But lo and be­hold, all that’s changed. Over the last sev­eral years, Florida’s south­east­ern cor­ner has qui­etly carved the same rep­u­ta­tion for its crit­i­cally ac­claimed chefs and boom­ing restau­rants as it al­ready had for its sandy beaches and swanky clubs. With a com­bi­na­tion of home­grown tal­ent like Ghee Indian Kitchen’s Niven Pa­tel and award-win­ning names such as Michael Mina and José An­drés, along with a surge of in­ter­na­tional brands in­clud­ing Zuma, La Mar, Scar­petta and Hakkasan, Mi­ami un­der­went a food re­nais­sance to emerge as one of the most vig­or­ous and ex­cit­ing food cities in the States. Be it posh grub, hip­ster eater­ies or tra­di­tional street food, the city con­fi­dently of­fers up a smor­gas­bord of choices.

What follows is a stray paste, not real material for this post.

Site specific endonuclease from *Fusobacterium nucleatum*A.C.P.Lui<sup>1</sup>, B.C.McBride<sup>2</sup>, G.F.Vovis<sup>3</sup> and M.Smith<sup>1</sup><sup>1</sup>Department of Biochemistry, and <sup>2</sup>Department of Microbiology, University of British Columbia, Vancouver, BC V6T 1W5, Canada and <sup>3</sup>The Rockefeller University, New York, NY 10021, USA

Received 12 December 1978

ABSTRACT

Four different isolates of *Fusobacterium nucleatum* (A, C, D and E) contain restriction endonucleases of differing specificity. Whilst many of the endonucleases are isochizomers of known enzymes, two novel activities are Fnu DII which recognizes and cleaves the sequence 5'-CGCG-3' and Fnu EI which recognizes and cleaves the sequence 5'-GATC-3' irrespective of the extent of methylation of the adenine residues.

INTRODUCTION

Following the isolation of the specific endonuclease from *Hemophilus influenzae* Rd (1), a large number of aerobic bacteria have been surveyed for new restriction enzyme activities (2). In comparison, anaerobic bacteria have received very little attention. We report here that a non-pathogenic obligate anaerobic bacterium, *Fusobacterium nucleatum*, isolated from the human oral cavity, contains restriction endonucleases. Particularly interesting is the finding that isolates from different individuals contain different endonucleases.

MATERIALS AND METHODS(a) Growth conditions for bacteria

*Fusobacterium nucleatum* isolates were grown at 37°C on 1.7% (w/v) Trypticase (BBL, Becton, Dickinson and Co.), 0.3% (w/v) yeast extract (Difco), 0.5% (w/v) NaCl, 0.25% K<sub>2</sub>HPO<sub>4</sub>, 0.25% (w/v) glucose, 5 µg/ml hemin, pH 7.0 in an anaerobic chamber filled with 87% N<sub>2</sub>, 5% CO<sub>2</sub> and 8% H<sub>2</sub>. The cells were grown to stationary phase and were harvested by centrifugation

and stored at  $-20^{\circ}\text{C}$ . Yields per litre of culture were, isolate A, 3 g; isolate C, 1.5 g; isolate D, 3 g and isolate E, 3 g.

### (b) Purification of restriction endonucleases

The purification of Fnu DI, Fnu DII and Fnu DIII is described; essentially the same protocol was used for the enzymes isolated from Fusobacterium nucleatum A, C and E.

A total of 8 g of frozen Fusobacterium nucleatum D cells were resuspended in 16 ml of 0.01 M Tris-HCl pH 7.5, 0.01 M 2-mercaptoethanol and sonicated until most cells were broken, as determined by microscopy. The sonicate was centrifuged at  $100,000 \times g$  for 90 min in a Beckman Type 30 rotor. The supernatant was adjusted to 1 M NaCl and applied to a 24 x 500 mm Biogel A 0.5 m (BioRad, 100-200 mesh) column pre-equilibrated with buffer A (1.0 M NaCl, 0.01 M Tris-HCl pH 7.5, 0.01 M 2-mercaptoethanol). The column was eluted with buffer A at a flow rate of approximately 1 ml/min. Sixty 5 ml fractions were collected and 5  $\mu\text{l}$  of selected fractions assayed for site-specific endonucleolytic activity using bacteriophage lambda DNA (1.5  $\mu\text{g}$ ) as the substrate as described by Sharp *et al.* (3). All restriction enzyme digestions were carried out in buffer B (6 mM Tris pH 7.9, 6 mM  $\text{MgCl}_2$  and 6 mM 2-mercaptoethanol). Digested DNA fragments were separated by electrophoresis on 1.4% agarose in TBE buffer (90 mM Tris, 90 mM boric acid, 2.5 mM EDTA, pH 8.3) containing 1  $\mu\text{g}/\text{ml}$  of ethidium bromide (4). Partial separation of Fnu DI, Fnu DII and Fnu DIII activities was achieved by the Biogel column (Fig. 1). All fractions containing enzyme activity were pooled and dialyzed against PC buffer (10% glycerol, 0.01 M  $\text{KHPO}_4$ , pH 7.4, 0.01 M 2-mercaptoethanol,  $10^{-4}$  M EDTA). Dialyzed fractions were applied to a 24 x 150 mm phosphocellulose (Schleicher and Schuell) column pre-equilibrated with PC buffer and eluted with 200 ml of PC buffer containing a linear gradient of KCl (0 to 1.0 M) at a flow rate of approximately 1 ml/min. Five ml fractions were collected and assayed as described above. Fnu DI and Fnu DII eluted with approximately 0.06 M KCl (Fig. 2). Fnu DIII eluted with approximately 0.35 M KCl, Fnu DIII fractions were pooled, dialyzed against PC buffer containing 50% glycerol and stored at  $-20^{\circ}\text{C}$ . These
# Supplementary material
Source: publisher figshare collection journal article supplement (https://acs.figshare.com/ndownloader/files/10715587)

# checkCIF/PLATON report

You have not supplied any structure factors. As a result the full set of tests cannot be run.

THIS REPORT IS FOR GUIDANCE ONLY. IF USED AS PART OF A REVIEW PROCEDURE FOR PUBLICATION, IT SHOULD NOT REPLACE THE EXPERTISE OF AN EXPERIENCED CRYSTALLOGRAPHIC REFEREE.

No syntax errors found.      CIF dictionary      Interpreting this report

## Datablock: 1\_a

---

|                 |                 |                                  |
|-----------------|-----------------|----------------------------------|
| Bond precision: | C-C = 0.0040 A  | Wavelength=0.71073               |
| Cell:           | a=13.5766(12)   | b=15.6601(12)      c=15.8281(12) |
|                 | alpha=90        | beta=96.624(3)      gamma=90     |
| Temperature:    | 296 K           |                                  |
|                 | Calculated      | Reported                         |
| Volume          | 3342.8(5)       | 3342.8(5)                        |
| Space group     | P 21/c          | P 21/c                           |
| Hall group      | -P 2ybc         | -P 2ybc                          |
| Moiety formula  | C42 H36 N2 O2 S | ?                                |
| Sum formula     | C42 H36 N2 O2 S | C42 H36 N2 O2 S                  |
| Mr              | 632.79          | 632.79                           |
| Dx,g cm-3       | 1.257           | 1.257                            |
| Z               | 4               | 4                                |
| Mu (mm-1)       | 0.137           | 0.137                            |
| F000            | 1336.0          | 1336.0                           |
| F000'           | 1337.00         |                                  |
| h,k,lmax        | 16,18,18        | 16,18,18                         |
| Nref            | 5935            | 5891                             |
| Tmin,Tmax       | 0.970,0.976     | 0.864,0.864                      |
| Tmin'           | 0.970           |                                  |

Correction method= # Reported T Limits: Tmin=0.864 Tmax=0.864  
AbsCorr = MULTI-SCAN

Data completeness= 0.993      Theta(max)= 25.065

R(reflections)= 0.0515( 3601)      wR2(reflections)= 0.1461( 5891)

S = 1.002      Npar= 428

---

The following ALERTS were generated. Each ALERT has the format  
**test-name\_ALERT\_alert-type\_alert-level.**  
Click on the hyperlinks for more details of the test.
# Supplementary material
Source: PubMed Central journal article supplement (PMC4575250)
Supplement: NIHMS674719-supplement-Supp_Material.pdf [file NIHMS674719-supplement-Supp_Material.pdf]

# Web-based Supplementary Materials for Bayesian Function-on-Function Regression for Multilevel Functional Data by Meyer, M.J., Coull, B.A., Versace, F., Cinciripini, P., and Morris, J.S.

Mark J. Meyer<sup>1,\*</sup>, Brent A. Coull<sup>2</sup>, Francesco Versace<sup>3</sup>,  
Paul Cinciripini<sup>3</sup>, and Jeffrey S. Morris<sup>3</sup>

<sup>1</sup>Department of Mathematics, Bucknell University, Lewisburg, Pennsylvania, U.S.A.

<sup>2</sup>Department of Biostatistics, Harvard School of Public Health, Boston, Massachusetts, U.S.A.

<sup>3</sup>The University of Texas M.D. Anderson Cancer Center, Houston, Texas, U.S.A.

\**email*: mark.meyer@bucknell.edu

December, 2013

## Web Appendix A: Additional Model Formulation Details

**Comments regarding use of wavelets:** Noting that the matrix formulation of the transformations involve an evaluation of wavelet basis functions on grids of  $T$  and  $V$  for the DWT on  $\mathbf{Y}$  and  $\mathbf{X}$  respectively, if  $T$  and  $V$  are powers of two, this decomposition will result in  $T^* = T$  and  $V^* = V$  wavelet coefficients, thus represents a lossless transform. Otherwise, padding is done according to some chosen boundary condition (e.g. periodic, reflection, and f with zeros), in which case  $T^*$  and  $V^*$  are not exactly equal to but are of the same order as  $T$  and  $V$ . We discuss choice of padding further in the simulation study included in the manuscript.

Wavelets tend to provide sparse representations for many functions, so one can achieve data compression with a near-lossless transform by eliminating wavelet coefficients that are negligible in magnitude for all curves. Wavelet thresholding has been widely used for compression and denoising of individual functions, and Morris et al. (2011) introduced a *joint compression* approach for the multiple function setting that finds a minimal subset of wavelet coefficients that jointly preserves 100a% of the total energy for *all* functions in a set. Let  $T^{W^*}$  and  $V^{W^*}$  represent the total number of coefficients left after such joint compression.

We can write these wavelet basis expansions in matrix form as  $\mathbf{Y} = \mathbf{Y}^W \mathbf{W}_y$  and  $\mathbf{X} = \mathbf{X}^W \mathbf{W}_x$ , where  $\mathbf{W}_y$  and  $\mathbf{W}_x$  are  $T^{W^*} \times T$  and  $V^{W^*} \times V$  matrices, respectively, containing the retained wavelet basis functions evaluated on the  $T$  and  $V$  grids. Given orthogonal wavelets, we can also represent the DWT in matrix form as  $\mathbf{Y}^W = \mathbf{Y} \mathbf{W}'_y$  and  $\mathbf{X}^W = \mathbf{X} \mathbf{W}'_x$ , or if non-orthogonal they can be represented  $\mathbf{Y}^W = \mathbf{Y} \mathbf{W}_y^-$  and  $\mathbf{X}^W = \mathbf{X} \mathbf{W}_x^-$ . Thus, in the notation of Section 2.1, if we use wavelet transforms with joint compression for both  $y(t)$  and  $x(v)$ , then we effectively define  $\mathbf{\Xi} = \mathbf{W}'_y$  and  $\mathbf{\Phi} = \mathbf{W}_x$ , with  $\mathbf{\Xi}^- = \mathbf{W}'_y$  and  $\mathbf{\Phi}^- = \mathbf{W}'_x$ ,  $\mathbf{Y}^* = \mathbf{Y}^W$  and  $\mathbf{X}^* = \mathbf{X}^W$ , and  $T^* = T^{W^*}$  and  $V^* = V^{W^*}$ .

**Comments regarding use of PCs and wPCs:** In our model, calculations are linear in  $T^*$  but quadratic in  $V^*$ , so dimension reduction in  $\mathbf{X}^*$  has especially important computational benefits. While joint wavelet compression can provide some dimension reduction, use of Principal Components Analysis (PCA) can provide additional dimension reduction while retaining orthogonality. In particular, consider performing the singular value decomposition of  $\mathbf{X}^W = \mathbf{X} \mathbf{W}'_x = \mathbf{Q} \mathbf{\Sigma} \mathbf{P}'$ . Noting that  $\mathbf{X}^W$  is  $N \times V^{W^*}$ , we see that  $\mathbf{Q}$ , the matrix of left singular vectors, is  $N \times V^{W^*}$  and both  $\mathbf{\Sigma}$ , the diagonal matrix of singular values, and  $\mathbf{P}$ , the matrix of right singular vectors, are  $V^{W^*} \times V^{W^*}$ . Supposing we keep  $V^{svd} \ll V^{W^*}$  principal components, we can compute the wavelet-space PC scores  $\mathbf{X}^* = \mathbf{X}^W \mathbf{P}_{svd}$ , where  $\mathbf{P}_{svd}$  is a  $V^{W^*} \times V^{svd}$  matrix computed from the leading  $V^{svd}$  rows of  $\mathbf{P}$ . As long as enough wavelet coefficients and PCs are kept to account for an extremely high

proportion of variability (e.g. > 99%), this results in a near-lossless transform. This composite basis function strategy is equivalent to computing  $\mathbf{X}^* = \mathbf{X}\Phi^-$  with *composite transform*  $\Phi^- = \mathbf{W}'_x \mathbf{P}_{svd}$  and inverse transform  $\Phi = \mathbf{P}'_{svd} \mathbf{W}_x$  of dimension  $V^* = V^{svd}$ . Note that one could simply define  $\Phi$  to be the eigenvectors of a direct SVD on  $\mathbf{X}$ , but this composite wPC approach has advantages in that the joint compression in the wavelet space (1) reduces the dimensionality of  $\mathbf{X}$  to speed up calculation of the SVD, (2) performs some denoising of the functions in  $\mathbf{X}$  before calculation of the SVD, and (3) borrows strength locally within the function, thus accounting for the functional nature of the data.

Wan­der­ing Around Wyn­wood

The first stop of any culi­nary jour­ney through a re­freshed Mi­ami with an old-meets-new flavour pro­file has to be Wyn­wood. The trendy arts dis­trict north of down­town boasts mu­rals and graf­fiti, art gal­leries, con­verted ware­houses turned into craft brew­eries, stylish bistros and stores that all re­flect the spirit of an arts hub that’s in an un­wa­ver­ing, de­li­cious move­ment.

If you’re on a tight sched­ule, max­imise your time by sign­ing up for one of the Mi­ami Culi­nary Tours. Nick­named the “Mi­amian tour”, the Wyn­wood walk­ing route de­parts from Wyn­wood Walls, an out­door mu­seum that has been show­cas­ing large-scale works by some of the world’s best-known street artists since 2009. Af­ter the in­ter­ac­tive art his­tory les­son by your knowl­edge­able guide, a stop at Wyn­wood Kitchen & Bar (2550 NW 2nd Ave) is in order.